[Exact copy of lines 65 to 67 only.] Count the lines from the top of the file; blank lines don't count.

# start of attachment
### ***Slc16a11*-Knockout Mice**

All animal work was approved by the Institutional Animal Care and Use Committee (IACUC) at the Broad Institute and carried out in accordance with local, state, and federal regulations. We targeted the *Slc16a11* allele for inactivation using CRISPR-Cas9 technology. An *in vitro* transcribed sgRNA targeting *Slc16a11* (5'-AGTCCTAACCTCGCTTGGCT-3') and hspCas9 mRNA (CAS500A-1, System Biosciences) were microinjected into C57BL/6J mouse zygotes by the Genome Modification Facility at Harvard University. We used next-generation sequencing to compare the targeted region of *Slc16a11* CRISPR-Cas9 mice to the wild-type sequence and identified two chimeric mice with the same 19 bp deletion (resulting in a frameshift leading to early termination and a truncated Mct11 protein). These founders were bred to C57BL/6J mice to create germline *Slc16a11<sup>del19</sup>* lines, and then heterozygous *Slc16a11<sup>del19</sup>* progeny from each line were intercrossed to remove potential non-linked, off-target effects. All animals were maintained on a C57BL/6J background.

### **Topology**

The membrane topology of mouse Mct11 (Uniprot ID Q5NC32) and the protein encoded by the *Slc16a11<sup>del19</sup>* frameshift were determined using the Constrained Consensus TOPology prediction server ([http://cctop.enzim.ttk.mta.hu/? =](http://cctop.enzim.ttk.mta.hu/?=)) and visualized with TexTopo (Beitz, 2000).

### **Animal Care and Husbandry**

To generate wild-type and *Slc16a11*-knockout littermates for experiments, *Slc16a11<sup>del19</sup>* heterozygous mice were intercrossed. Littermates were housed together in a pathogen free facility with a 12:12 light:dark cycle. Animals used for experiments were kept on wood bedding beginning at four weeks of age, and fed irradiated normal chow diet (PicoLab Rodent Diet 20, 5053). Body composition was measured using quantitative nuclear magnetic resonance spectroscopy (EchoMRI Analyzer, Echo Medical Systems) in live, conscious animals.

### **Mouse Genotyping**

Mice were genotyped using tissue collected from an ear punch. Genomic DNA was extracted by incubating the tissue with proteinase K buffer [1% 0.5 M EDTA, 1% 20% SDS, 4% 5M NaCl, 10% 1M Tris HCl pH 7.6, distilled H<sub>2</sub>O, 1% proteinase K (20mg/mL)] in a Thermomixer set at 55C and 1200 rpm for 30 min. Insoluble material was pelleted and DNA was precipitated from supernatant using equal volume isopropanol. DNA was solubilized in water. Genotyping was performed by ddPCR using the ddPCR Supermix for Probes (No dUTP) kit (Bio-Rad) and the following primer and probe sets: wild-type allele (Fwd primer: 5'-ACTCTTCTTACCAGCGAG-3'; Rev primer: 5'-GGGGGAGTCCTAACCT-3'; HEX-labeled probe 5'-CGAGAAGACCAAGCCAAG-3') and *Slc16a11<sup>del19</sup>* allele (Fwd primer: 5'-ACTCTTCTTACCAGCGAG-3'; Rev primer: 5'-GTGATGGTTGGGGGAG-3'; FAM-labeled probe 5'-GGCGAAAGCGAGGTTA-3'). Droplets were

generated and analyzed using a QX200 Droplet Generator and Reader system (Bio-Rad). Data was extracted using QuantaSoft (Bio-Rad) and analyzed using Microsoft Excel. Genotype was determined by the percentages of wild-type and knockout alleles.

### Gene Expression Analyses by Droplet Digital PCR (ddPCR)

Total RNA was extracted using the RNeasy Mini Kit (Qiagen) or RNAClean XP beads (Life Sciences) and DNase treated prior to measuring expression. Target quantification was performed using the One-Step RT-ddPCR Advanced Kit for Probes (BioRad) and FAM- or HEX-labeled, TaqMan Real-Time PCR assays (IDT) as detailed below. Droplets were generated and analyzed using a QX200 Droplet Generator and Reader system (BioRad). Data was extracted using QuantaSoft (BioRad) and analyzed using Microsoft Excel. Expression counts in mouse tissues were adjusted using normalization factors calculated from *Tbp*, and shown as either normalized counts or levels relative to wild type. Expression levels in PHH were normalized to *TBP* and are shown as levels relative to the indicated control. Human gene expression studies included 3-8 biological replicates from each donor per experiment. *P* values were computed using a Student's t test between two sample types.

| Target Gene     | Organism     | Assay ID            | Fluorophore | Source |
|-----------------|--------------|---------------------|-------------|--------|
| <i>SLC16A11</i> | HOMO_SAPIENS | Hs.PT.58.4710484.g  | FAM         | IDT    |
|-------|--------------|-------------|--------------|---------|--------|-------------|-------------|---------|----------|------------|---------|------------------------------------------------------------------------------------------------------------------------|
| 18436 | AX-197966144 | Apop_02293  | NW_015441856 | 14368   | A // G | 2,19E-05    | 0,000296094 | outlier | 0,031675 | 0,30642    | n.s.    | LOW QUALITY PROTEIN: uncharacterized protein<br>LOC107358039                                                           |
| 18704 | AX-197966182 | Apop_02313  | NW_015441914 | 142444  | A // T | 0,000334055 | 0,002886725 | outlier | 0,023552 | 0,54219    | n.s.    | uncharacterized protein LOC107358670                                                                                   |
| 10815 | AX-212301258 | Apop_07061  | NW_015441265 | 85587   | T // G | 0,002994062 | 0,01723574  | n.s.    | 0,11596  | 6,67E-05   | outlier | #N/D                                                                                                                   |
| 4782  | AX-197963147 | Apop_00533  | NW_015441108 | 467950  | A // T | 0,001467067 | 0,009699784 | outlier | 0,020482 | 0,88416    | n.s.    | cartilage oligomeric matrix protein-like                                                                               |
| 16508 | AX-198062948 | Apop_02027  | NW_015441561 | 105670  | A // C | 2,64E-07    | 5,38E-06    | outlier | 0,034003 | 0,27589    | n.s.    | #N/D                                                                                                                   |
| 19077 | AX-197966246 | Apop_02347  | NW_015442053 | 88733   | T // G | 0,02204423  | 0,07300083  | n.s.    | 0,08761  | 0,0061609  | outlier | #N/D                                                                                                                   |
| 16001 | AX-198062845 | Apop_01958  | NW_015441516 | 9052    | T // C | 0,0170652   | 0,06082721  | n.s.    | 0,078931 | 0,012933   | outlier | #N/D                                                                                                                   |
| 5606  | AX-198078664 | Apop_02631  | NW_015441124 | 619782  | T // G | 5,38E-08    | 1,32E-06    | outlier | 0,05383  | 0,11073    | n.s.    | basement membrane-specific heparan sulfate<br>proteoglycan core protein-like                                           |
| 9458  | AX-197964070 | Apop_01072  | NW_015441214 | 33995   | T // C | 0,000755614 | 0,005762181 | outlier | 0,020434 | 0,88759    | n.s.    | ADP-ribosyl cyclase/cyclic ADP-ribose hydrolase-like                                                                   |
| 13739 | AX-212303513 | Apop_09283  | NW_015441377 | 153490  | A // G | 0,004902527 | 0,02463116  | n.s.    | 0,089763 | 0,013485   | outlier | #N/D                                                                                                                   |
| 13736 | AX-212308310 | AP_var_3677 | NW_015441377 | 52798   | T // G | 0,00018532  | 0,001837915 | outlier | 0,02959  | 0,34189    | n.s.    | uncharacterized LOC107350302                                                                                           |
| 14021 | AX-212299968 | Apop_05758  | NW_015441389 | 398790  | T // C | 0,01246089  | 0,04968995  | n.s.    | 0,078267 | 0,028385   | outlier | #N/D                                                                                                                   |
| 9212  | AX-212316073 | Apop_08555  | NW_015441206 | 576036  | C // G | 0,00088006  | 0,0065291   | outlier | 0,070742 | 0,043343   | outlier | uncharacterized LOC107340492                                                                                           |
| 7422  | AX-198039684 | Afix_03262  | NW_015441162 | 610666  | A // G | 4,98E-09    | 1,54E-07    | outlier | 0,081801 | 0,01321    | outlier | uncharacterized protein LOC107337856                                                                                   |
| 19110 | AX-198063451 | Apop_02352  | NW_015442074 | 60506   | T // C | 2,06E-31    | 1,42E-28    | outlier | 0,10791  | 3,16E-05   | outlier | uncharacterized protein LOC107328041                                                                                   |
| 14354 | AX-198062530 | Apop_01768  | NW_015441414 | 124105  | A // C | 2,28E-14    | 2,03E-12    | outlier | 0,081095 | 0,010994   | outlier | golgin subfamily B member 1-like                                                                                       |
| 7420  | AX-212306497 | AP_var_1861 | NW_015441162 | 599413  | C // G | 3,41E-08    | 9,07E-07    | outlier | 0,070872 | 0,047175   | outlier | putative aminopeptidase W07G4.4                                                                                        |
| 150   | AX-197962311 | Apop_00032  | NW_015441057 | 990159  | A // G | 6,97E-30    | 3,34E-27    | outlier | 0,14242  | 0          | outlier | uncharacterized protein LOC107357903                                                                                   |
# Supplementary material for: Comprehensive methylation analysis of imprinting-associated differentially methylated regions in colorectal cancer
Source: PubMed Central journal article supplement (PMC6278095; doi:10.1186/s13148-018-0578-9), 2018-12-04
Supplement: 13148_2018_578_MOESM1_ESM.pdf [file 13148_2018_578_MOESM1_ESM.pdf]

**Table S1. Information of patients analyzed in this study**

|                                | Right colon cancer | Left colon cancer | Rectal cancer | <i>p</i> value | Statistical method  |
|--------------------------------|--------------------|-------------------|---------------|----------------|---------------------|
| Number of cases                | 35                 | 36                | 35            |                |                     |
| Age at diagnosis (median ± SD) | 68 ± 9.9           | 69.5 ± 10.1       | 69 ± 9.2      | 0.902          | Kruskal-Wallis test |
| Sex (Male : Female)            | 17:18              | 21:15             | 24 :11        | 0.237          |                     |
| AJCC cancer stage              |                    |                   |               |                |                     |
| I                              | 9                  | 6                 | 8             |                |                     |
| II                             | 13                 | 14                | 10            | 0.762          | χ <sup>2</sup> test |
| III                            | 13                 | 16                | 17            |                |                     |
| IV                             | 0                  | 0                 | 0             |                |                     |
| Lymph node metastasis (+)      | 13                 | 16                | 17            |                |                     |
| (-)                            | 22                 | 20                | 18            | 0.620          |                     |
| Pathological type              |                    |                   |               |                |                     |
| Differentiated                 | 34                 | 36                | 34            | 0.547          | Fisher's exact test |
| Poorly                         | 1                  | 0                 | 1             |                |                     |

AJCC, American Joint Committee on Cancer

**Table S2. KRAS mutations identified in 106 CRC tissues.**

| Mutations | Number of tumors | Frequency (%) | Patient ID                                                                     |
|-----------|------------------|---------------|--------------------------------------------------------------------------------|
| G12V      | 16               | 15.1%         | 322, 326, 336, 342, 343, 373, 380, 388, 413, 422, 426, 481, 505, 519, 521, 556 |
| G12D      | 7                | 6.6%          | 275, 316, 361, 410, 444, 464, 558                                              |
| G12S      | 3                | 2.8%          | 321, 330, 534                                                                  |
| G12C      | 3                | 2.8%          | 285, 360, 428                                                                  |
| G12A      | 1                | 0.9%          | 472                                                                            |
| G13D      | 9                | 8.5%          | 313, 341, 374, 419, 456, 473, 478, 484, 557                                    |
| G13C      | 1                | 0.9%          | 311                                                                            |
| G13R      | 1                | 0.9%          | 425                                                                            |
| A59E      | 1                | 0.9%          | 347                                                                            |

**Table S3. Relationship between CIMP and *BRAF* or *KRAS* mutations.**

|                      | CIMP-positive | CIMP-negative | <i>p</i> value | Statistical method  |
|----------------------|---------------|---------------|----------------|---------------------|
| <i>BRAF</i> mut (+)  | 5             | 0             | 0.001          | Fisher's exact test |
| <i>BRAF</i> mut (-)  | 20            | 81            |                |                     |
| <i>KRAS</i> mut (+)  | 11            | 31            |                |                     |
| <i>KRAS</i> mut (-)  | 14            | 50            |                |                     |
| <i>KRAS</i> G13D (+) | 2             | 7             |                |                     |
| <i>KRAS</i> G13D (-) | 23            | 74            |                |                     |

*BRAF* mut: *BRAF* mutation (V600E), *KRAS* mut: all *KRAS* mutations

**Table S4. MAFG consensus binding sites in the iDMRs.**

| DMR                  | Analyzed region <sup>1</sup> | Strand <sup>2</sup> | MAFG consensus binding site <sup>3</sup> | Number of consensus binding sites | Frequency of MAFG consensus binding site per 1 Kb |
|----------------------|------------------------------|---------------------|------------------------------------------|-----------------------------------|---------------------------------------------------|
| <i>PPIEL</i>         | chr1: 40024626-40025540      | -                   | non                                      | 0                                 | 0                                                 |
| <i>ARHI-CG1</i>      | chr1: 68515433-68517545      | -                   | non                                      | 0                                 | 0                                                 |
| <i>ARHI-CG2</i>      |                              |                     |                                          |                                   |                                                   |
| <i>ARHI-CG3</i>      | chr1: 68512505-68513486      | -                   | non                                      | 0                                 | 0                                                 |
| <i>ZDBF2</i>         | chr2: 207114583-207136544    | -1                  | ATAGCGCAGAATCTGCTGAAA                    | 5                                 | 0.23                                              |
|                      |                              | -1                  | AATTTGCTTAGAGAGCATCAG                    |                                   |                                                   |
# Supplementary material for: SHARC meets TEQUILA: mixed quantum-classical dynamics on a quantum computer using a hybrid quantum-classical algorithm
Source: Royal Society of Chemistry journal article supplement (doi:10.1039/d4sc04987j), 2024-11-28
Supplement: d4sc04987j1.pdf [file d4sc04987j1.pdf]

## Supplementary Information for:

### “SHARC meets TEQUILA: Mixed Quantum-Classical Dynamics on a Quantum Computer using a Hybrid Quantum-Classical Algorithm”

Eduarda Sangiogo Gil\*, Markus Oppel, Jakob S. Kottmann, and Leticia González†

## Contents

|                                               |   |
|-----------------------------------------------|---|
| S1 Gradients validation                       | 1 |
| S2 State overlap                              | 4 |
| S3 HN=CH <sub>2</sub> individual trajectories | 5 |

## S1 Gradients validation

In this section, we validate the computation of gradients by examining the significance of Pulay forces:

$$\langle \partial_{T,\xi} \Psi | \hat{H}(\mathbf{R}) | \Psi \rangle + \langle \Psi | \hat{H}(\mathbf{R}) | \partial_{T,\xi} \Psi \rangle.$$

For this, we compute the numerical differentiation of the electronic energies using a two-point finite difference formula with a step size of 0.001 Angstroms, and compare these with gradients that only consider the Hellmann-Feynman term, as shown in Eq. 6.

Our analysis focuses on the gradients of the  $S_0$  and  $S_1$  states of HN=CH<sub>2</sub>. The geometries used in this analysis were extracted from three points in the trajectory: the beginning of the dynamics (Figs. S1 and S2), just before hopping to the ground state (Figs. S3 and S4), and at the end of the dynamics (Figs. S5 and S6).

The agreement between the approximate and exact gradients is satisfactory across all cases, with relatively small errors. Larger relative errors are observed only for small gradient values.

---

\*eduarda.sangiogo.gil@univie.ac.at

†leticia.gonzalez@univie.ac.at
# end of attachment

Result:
| A59E      | 1                | 0.9%          | 347                                                                            |

**Table S3. Relationship between CIMP and *BRAF* or *KRAS* mutations.**

|                      | CIMP-positive | CIMP-negative | <i>p</i> value | Statistical method  |